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Oil's Role in Solving the Debt Solution

The opinions expressed by columnists are their own and do not necessarily represent the views of Townhall.com.

As Congress undergoes painful negotiations on whether or not to raise the debt ceiling, a lot of opinion has been offered about the government’s “discretionary” spending. One item on America’s credit card that typically prompts universal outrage is the amount of taxpayer money sent overseas for oil imports—and it’s easy to see why. According to data derived from the Energy Information Administration, Americans have already spent $200 billion – that’s billion with a “b” – on imported oil since the start of this year.


The fact that the U.S. has spent this much on imported oil in just over seven months is regrettable on many levels, especially because our own policies have left us unacceptably vulnerable to imported oil. Americans sit atop at least 150 billion barrels of untapped oil, enough to fuel our country's current consumption level for 24 years. Yet, the Administration and its allies in Congress have exploited every possible bureaucratic loophole to ensure that 97.6 percent of outer continental shelf lands -- territory that's ten times the size of Texas -- remain off limits to production.

Expanded access to and increased production of North America’s ample energy resources would largely offset the need for imports. For starters, granting permits to explore and produce in the Beaufort and Chukchi Seas in Alaska would allow us to fill the TransAlaska pipeline and bring more than 1.3 million barrels of American-produced oil to U.S. markets. The proposed expansion of TransCanada’s Keystone XL pipeline, presuming the State Department withstands an increasingly heated campaign to block it, would deliver 700,000 barrels of oil every day to U.S. refineries from Oklahoma, Kansas, the Dakotas, Montana, and the Canadian province of Alberta.


The fact that we’ve reached such an unfortunate milestone with imported oil is hardly surprising considering recent activity, or lack thereof, in the Gulf of Mexico. When a drilling moratorium was announced in the Gulf last year, the administration’s chief offshore drilling agency, the Bureau of Ocean Energy Management, Regulation, and Enforcement (BOEMRE), assured skeptics that any decline in oil production stemming from the drilling ban would be substituted with OPEC imports. It is precisely this mentality that’s cost us $200 billion this year alone.

Though the Gulf drilling ban was nominally lifted last fall, a significant slowdown in drilling permits since has cost many domestic producers revenue and thousands of Americans their jobs. Administration officials have testified that shallow water drilling permits “have averaged 6 per month since October 2010, compared to an average of 8 per month in 2009,” but they neglect to mention that in 2008, shallow water permits averaged 16.8 per month. The Energy Information Administration estimates that this “de facto moratorium” could cost us 240,000 barrels of lost production per day by 2012, forcing us to make up the difference by – you guessed it – more imports. This is hardly money well spent considering that a few pen strokes from the White House could return offshore production in the Gulf to its pre-moratorium levels and add 130,000 barrels of domestic supply per day.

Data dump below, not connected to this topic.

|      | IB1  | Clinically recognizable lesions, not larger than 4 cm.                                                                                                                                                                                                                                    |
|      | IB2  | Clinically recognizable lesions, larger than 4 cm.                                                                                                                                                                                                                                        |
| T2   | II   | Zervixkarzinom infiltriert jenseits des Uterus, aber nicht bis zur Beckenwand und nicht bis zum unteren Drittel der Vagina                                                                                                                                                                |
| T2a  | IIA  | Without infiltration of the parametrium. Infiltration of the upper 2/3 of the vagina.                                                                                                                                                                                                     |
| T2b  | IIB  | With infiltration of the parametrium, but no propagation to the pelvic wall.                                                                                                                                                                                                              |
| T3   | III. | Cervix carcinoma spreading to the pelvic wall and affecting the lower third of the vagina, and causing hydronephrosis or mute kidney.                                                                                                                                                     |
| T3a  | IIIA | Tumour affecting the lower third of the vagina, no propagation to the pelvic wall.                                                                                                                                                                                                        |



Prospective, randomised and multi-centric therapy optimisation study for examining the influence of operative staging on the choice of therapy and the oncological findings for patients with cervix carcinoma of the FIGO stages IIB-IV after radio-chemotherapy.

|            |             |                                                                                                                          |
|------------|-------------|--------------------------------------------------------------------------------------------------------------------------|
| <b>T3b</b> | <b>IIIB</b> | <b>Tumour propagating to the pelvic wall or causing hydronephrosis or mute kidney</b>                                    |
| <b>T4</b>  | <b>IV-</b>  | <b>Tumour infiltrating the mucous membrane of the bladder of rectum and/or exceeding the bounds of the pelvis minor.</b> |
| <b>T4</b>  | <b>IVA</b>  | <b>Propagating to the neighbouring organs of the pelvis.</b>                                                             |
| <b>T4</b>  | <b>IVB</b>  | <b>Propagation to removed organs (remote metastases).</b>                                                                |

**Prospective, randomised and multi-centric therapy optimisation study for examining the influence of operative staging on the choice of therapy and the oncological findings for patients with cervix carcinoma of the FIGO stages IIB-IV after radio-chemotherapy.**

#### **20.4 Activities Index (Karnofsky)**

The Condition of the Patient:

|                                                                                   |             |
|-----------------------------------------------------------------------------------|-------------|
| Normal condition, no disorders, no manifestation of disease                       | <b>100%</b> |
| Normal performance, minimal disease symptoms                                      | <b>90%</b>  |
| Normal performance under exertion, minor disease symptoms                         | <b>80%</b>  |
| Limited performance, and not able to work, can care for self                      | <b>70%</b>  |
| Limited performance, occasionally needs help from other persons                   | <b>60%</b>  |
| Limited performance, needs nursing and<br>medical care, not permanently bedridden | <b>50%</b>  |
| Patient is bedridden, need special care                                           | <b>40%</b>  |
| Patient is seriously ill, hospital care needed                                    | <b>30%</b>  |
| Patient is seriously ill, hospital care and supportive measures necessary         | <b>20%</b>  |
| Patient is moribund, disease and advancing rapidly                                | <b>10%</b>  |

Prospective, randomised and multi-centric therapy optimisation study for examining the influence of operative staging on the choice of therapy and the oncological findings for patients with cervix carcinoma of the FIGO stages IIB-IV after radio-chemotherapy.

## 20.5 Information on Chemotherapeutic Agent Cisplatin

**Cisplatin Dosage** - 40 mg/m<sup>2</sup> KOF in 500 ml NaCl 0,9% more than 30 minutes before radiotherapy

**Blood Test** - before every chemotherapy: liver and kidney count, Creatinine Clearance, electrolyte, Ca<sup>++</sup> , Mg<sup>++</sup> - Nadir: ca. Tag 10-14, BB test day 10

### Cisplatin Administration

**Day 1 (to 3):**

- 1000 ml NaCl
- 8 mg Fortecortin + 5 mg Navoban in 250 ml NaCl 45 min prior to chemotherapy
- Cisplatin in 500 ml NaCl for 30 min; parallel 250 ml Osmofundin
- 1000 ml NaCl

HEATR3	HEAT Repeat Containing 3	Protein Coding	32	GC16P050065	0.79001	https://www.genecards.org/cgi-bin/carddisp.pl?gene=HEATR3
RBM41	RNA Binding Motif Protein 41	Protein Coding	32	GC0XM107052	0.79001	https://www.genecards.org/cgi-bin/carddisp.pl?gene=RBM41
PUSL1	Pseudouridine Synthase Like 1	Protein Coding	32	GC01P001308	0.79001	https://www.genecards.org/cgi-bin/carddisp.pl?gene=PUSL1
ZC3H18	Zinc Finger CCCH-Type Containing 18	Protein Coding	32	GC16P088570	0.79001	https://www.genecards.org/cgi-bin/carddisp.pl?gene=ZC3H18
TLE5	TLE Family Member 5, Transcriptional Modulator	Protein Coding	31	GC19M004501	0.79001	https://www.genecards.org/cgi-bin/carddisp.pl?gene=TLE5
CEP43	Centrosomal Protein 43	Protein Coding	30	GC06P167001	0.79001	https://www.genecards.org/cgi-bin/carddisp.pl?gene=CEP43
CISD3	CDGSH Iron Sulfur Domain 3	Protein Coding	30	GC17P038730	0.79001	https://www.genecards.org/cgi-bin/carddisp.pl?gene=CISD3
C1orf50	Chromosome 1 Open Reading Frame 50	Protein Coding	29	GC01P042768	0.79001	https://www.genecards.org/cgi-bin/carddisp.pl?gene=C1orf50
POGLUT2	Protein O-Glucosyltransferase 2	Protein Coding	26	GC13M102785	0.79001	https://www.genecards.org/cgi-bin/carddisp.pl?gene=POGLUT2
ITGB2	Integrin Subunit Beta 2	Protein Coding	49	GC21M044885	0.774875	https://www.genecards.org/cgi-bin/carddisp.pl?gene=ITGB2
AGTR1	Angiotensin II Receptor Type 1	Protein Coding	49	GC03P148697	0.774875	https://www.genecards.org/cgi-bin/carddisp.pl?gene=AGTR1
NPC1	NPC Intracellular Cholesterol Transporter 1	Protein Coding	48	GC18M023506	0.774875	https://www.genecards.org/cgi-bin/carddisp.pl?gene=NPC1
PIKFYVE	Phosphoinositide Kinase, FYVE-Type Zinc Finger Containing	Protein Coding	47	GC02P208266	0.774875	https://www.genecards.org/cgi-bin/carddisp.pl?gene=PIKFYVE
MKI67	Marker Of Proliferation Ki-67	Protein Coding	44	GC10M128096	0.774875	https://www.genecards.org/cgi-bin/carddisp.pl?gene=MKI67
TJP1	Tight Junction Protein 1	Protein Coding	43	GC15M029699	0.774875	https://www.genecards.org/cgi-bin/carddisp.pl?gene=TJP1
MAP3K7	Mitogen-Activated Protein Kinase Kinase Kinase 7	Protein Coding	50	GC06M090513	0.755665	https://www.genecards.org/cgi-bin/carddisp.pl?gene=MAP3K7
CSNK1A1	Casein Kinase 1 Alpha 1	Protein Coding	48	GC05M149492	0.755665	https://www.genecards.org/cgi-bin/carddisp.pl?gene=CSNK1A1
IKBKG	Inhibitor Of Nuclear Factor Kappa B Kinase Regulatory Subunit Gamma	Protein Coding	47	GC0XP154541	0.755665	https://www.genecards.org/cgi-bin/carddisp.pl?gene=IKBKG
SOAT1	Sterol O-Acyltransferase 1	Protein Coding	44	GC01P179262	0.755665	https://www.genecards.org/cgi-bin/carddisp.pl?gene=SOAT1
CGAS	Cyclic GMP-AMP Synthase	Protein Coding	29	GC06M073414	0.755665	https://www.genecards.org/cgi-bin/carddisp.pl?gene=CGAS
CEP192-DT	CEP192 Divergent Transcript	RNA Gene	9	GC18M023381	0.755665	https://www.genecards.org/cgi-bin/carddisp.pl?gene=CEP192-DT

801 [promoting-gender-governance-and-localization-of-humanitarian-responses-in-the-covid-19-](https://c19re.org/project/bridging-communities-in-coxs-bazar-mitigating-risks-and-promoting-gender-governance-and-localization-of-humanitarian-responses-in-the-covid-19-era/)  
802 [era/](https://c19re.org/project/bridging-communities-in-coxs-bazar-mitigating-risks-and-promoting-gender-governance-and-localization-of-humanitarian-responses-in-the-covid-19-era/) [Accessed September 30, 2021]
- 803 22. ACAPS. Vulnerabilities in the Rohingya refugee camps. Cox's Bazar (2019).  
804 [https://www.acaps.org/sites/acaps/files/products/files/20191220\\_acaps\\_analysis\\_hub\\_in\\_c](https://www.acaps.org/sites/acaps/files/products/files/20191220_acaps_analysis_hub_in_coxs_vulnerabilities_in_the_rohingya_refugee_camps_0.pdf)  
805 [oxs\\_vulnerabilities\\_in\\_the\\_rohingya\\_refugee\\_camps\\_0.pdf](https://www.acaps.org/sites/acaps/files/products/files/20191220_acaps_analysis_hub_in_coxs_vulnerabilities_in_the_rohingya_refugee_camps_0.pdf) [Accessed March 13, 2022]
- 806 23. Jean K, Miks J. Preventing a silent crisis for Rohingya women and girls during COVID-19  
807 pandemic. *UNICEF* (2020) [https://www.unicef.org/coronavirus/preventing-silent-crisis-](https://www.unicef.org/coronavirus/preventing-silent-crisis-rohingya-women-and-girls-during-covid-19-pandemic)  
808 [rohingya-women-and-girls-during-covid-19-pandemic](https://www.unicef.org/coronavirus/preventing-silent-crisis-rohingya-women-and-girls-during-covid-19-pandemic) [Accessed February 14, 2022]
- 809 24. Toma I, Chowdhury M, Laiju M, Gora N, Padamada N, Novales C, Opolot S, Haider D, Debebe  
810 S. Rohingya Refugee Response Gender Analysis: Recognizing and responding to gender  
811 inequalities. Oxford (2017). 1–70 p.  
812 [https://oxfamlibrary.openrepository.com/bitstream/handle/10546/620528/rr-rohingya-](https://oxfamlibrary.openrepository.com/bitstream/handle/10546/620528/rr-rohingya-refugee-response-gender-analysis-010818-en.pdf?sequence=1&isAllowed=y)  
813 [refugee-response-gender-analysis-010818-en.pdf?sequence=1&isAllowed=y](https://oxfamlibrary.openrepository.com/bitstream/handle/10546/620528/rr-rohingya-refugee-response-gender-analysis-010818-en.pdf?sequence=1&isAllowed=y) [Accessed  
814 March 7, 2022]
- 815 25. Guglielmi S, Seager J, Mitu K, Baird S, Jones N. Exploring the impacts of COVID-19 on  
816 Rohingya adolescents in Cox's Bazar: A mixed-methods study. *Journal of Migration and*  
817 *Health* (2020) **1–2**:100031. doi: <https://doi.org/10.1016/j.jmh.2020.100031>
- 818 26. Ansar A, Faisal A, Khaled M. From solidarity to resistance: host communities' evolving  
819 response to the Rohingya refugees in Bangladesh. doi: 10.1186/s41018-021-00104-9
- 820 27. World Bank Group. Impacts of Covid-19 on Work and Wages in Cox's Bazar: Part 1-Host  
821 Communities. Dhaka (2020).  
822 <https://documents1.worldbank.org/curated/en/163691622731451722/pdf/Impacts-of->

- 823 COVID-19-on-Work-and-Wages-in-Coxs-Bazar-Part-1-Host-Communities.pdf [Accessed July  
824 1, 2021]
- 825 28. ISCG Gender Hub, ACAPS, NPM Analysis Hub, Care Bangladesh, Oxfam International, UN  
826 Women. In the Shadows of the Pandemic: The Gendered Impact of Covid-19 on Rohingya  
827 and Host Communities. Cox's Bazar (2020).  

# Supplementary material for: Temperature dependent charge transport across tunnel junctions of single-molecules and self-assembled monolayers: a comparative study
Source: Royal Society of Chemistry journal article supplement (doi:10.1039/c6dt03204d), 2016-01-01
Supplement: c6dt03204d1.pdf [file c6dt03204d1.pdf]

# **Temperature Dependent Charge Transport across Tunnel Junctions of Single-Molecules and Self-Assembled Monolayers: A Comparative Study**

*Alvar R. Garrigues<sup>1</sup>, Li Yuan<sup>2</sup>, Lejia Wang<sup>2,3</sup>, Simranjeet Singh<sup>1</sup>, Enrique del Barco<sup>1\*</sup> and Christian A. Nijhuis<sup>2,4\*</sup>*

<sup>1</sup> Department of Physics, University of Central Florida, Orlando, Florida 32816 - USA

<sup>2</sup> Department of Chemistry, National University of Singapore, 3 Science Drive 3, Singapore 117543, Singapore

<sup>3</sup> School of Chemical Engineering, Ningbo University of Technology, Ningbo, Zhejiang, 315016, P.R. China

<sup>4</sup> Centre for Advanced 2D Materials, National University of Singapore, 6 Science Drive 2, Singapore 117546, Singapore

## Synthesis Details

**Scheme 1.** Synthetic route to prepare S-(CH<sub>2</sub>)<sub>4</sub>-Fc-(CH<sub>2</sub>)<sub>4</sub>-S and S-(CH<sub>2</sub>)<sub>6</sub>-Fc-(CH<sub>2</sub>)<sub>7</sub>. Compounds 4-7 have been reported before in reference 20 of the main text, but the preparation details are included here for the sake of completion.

Increased domestic production is a vital component to achieving a broader, balanced energy policy that diversifies our supply to develop alternative and renewable energy over the long term, lowers energy costs for consumers (particularly gasoline and diesel prices), reduces the national debt, and finally puts Americans back to work. However, in what’s seemingly a rite of passage for any common sense policy, increased domestic production is jeopardized by a major sticking point in the debt ceiling negotiations: the President’s ongoing appeal to raise taxes on U.S. oil and gas companies.

A recent study by Louisiana State University economist Dr. Joseph Mason found that the President’s proposal to repeal $30 billion worth of tax deductions for American energy manufacturers would come at the expense of some $341 billion in economic output, more than 155,000 lost jobs, and a net fiscal loss of $53.5 billion in tax revenues. In other words, taxing American energy companies would actually increase the debt and deficit. It would also have the unintended consequence of forcing these companies to relocate to more hospitable tax climates overseas, taking American jobs with them.

Spending $200 billion from tax and royalty revenue collected on energy production here in the U.S., instead of shipping overseas, would have huge benefits in terms of job creation and economic growth. If Americans can get to work producing our own oil and gas resources, especially given that these two fossil fuels will still account for at least 57 percent of our energy supply in 2035, we’d send a strong message to the world that we’re serious about securing our energy future – and settling our debts, for that matter.


David Holt is President of the Consumer Energy Alliance.

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